"Defense of Slavery in Virginia"
|Resource Bank Contents|
Click here for the text of this historical document.
Soon after the start of the French and Indian War, a Reverend Peter Fontaine, replying to a query from his brother Moses as to the Christian ethics of "enslaving our fellow creatures," wrote that "to live in Virginia without slaves is morally impossible."
While noting that "the Negroes are enslaved by the Negroes themselves," Fontaine acknowledged that "It is, to be sure, at our choice whether we buy them or not." Yet he placed blame for the slave trade on "the Board of Trade at home" in Britain for preventing the Assembly from passing "a duty upon them which would amount to a prohibition."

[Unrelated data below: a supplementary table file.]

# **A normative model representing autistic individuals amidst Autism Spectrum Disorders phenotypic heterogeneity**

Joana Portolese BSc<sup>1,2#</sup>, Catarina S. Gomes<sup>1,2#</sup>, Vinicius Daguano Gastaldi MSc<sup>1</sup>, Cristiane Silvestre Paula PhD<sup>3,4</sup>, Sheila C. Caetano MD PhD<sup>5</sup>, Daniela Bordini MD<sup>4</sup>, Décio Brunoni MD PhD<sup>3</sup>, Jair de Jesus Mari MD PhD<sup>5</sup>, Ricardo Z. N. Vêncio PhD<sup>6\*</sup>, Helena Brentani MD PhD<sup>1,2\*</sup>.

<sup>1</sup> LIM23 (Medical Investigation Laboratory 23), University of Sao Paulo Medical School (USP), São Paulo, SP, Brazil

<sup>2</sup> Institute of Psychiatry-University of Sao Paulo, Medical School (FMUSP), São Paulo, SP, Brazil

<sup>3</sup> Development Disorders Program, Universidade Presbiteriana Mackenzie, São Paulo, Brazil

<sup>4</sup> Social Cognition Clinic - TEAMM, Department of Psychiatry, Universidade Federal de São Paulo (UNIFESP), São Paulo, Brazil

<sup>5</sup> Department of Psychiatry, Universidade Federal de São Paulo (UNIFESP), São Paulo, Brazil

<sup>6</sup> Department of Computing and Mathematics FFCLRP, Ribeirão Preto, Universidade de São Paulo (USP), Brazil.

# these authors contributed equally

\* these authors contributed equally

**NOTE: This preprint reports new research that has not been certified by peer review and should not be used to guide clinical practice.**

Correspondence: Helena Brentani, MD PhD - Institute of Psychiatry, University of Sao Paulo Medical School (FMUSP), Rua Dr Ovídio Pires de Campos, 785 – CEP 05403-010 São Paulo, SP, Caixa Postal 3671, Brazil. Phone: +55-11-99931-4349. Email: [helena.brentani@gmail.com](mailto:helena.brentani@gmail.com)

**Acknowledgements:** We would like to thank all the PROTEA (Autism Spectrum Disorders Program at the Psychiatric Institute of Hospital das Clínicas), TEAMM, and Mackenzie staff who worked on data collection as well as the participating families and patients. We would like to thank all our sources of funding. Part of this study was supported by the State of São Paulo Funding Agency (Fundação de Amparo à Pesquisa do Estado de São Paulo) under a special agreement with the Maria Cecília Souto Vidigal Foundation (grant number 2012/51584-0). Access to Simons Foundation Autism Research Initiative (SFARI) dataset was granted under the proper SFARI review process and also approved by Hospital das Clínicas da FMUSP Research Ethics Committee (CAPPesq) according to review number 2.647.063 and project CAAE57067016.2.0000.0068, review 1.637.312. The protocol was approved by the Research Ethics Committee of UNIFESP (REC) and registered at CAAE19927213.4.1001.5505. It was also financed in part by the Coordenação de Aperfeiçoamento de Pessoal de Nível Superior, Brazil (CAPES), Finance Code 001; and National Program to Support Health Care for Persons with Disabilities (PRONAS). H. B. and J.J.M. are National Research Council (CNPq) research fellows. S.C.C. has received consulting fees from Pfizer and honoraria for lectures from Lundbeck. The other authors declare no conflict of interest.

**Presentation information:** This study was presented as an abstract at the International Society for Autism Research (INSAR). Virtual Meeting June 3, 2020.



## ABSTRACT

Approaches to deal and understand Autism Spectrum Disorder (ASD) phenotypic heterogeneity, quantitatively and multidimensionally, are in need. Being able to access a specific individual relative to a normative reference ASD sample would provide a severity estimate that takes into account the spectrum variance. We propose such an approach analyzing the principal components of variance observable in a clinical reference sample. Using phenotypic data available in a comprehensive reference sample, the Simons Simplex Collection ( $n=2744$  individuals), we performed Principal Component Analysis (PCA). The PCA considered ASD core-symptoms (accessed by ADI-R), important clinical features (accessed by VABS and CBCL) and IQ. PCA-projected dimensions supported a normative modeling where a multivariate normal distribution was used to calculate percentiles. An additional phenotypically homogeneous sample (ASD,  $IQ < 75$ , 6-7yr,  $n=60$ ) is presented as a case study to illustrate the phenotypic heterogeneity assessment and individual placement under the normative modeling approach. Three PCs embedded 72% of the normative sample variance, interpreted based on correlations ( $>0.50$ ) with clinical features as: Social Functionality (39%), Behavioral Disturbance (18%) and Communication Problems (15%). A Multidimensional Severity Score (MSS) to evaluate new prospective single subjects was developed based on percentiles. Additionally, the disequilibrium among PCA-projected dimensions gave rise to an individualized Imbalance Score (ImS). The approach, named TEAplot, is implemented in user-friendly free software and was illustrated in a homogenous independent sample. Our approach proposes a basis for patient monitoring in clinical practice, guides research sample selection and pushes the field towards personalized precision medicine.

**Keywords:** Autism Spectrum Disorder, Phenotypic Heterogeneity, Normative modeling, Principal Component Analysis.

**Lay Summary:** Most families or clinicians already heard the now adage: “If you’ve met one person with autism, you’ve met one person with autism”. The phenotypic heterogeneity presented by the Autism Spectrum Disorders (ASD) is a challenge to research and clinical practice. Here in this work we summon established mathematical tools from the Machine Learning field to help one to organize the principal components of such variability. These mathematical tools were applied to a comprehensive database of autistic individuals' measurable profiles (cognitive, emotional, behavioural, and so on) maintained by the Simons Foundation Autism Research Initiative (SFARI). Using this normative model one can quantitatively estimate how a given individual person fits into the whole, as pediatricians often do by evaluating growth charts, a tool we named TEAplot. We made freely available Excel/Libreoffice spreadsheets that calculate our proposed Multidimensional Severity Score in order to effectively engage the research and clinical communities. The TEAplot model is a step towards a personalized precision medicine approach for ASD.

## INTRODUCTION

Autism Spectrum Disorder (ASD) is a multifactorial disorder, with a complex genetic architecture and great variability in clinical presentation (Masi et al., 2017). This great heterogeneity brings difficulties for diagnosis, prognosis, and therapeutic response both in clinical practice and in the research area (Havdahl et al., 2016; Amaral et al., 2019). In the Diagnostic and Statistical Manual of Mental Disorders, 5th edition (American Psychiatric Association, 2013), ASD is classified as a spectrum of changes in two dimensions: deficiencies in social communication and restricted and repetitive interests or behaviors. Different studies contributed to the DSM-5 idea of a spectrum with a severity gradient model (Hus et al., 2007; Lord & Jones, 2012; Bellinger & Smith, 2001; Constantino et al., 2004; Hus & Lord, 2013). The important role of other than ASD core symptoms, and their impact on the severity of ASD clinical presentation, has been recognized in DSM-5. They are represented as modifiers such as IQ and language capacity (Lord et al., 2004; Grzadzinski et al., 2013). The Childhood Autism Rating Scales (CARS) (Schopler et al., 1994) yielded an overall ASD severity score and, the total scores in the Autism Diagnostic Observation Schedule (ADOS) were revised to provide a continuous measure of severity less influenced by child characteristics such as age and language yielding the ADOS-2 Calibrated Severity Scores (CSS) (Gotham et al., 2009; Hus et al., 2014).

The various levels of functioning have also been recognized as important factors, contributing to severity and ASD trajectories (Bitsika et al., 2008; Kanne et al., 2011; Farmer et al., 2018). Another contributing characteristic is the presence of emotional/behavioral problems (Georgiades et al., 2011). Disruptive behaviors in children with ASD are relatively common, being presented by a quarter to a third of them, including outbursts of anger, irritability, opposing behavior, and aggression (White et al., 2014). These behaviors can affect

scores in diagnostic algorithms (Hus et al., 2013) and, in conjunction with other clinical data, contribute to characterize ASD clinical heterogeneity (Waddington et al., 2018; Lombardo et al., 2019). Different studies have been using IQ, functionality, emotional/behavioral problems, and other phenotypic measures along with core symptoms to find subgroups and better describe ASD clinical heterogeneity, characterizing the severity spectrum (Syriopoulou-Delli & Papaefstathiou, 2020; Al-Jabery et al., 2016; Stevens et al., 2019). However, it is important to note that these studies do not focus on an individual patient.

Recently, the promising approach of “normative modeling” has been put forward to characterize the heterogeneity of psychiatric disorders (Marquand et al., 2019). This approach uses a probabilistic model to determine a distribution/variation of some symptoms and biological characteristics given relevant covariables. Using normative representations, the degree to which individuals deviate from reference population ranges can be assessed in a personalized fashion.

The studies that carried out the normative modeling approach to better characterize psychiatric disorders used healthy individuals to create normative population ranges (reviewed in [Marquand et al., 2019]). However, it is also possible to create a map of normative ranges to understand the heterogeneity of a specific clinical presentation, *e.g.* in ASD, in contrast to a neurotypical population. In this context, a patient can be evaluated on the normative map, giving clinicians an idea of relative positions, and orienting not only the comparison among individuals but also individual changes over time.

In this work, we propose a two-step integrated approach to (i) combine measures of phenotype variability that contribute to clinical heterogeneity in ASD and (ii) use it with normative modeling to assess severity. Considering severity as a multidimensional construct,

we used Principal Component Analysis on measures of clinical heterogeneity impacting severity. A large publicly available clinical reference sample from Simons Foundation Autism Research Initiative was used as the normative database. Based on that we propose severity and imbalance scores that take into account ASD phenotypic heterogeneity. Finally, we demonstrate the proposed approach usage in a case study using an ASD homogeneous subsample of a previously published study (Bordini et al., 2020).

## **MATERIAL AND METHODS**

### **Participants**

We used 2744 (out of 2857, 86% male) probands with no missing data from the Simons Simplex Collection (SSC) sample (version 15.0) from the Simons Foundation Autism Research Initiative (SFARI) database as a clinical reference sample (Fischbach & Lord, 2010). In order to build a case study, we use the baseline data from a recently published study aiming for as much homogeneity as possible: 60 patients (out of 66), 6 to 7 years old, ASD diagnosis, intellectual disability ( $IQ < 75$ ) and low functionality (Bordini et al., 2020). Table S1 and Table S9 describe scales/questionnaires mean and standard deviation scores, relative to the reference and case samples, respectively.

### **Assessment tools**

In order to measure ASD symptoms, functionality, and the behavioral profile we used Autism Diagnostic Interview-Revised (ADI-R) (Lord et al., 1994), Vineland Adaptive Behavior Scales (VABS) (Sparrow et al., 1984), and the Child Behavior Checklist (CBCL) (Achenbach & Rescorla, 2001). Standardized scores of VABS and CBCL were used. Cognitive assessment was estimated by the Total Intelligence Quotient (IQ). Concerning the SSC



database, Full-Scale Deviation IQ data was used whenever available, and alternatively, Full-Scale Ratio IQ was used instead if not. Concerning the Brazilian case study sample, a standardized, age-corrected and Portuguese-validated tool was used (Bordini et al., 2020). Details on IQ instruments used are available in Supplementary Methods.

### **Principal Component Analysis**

Fontaine further explained that "unless robust enough to cut wood, to go to mill, to work at the hoe, etc., you must starve or board in some family where they both fleece and half starve you," thus forcing would-be "merchants, traders, or artificers" to "purchase some slaves and land" and become planters. He reasoned that for the cost of hiring "a lazy fellow," one could "add to this £ 7 or £ 8 more and you have a slave for life."
John Riley on Washington's position in 18th century Virginia
John Ferling on Washington as a slave owner in Virginia
John Ferling on Washington's attitudes towards slaves
Virgina recognizes slavery
Part 2: Narrative | Resource Bank Contents | Teacher's Guide
Africans in America: Home | Resource Bank Index | Search | Shop
WGBH | PBS Online | ©